In the few months since becoming an ostomate I have learnt to hide my colostomy bag by using sleight of hand, much as a magician does. At my disposal I have a bag of tricks that help me disguise the fact I have a bag. Here are a few of them.

“The Back Turn”
If I’m in public, somewhere like a café, and I stand to put on my jacket or coat, I’ll simply turn my back on the room, so in the process if my shirt lifts up, no one gets a peek of my bag. Then I can take a moment to straighten everything up down there before I turn round and no one is any the wiser.

“The Left-Handed Carry” I mainly use this one in the office. If I’m walking from A to B anywhere at work I might carry a cup of water or a notepad in my left hand, held roughly in front of the area where my bag is. It is often possible to see the outline of my bag through my clothes, but as far as I’m aware no one has ever been able to see through a Moleskine notepad.

“The Lean Forward”
Again, if I’m in a café or bar, I find there’s less likelihood of the poop bag popping out if I lean forward in my chair. So that’s how I tend to sit, hunched over like I’m sat on the loo, ironically.

“The Bag On Bag”
During rush hour on the tube you’re crammed in so tight you can usually tell if the person standing on your toes uses Colgate or Crest. No one has their own personal space. So to stop any short-arsed commuters seeing anything they shouldn’t, I position my manbag over my shitebag. It also helps protect it from stray elbows.

“The Larry Grayson”
Left hand bent limply at the wrist, held in front of my bag. I very rarely use this one for fear of sending out the wrong signals.

“The Awkward Teenager” By thrusting my left hand deep in my trouser pocket, rolling my shoulder forward and my elbow inwards towards my body it covers up my bag, but it also makes me look like a 37-year-old trying to look like a 17-year-old. Which is never a good look, is it Bobby?

Saturday, August 1, 2009

Travels with my RADAR key: Number 2

There are 7000 public toilets in the UK accessible with a RADAR key. This is my visit to one of them.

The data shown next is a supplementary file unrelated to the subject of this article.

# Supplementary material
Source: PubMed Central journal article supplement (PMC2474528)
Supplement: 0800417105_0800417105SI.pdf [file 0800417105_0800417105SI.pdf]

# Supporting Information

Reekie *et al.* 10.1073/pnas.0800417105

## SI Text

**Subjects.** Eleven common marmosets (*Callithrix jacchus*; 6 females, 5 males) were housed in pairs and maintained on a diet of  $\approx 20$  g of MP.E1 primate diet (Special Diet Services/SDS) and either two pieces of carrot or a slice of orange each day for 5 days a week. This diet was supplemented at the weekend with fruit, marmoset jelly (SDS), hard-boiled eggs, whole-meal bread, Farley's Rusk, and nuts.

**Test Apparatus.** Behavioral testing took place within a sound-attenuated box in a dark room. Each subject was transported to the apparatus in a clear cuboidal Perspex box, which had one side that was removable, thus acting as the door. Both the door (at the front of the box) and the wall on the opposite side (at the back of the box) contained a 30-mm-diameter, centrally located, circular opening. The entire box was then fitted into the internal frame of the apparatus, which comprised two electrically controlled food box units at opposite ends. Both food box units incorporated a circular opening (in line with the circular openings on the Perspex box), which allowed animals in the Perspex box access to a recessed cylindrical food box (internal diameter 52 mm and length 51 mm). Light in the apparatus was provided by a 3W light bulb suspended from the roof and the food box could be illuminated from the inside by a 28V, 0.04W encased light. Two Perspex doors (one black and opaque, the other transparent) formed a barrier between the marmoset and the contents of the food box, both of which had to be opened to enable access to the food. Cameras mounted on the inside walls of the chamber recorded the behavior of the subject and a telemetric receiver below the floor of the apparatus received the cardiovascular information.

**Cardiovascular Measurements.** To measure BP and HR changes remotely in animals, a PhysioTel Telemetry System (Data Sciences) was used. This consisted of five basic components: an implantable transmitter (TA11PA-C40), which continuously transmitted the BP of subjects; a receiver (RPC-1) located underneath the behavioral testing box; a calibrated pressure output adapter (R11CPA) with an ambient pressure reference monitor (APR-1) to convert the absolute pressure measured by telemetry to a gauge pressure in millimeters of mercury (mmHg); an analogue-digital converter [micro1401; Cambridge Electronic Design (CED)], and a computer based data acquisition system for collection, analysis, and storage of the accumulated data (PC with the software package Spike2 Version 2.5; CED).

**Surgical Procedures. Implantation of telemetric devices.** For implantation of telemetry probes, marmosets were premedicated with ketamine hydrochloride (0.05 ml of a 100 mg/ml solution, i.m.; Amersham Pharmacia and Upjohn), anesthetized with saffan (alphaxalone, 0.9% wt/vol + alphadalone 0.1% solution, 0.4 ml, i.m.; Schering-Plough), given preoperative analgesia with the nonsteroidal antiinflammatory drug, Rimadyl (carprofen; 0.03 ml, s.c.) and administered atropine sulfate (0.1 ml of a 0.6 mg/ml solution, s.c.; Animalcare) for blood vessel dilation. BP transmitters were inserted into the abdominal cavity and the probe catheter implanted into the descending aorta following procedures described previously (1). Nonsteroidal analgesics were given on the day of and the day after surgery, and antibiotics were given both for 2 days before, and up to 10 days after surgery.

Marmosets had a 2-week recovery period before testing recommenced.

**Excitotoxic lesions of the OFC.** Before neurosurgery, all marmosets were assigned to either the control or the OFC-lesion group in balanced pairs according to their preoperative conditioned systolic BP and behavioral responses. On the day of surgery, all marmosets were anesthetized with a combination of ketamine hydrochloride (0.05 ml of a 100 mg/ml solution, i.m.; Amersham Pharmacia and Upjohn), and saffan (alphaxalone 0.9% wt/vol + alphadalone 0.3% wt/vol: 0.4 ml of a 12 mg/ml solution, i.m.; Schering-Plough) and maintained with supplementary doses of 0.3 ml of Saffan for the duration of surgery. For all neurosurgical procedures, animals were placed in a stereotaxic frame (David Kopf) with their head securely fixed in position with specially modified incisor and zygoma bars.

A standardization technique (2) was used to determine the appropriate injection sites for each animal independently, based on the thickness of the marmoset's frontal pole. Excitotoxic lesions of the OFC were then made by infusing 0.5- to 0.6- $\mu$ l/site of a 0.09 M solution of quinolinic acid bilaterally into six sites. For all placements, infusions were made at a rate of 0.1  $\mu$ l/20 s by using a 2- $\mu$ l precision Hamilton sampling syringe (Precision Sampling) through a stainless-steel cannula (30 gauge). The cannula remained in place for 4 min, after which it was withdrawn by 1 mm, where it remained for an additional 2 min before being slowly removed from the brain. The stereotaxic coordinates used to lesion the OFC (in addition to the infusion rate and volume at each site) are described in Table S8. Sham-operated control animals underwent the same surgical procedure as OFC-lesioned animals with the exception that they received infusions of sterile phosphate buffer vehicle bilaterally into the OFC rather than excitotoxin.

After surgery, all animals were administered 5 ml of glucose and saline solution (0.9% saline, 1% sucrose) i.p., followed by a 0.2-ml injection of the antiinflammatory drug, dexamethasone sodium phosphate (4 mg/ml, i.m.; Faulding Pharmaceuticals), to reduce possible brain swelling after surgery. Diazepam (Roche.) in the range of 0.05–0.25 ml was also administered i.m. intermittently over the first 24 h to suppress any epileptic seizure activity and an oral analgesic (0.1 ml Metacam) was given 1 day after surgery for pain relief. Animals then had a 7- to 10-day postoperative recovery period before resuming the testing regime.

It’s Friday. One of those quiet days at work, so I decide to start my weekend a little early, and I pack up and go. With vague notions of walking half of the way home and catching the tube from Highbury & Islington, I leave Soho and head east. There’s a really good Oxfam bookshop near the British Museum, where I nearly always find something tucked away in a dusty corner. Today’s visit doesn’t disappoint, and for £3 I buy Ben Watt’s Patient: The true story of a rare illness. Ben Watt is one half of pop group Everything But The Girl and is, I believe, also an ostomate. So with my new book I continue on my merry way through the heart of literary Bloomsbury, stopping to relieve myself at Great Ormond Street Children’s Hospital. As with most UC-ers, my knowledge of decent, available toilets is extensive. I’ve used the ones here a few times, and seeing the poor little kids running around with tubes sticking out everywhere never fails to put things into perspective. Around about this point on my journey I should turn left and zig-zag my way towards Kings Cross, but today I turn right. Skirting the fringes of Holborn, I head towards Clerkenwell, where things start to get a bit more warehousey and interesting. Now I start to think I might walk as far as Liverpool Street Station and catch the overland train home to St James Street, Walthamstow. The cool Clerkenwell web designery folk in their limited edition trainers begin to thin out as I approach Old Street and I find myself amongst the lunchtime masses of mini Gordon Gekko’s. Judging by the numerous packed out eateries in the area, Gekko’s ‘Lunch is for wimps’ rhetoric is as dated in the financial world of 2009 as his red braces. Enjoying the sunshine, I decide to skip Liverpool Street completely and meander my way northeast through Hoxton. Behind Hoxton Community Garden I discover a row of pristine toilets looking totally out of place in the fashionably grungy surroundings. Using my RADAR key I let myself into the disabled loo and empty my bag. The key saves me 20p. Hoxton becomes Dalston and the sound of Friday afternoon prayer from a huge mosque, competes with the traffic. I buy a Magnum ice cream and as I toss the wrapper into a litterbin, an Arab looking man standing nearby says, “That’s a pound for using the bin.” Gekko would approve of his initiative, I laugh and strike out north into Stoke Newington. Clapped out afternoon drinkers huddle in pub doorways turning the air blue with their jokes and nicotine. EastEnders doesn’t even come close. A right turn takes me into the leafy suburbia of Stamford Hill, with its population of Orthodox Jews in their traditional black dress, wide-brimmed hats and ringlets. I feel somewhat conspicuous in my canary yellow Macintosh, like someone has dropped a Smartie into a bowl of liquorice. I arrive in Springfield Park café eager for refreshment. With a much needed coffee I finally take the weight off my feet and settle down to read a few pages of Ben Watt’s book. Before me the park slopes away to the River Lee and beyond to Walthamstow Marshes. Finishing my coffee I lug myself over the cricket pitch towards the river. Heavy legged I cross the Lee with this tune in my head. Like a pair of nightclub bouncers surveying the queue for trouble, two geese with puffed out chests have a good long nosey at me as I pass. I pick a blackberry and pop it in my mouth. Home is in sight.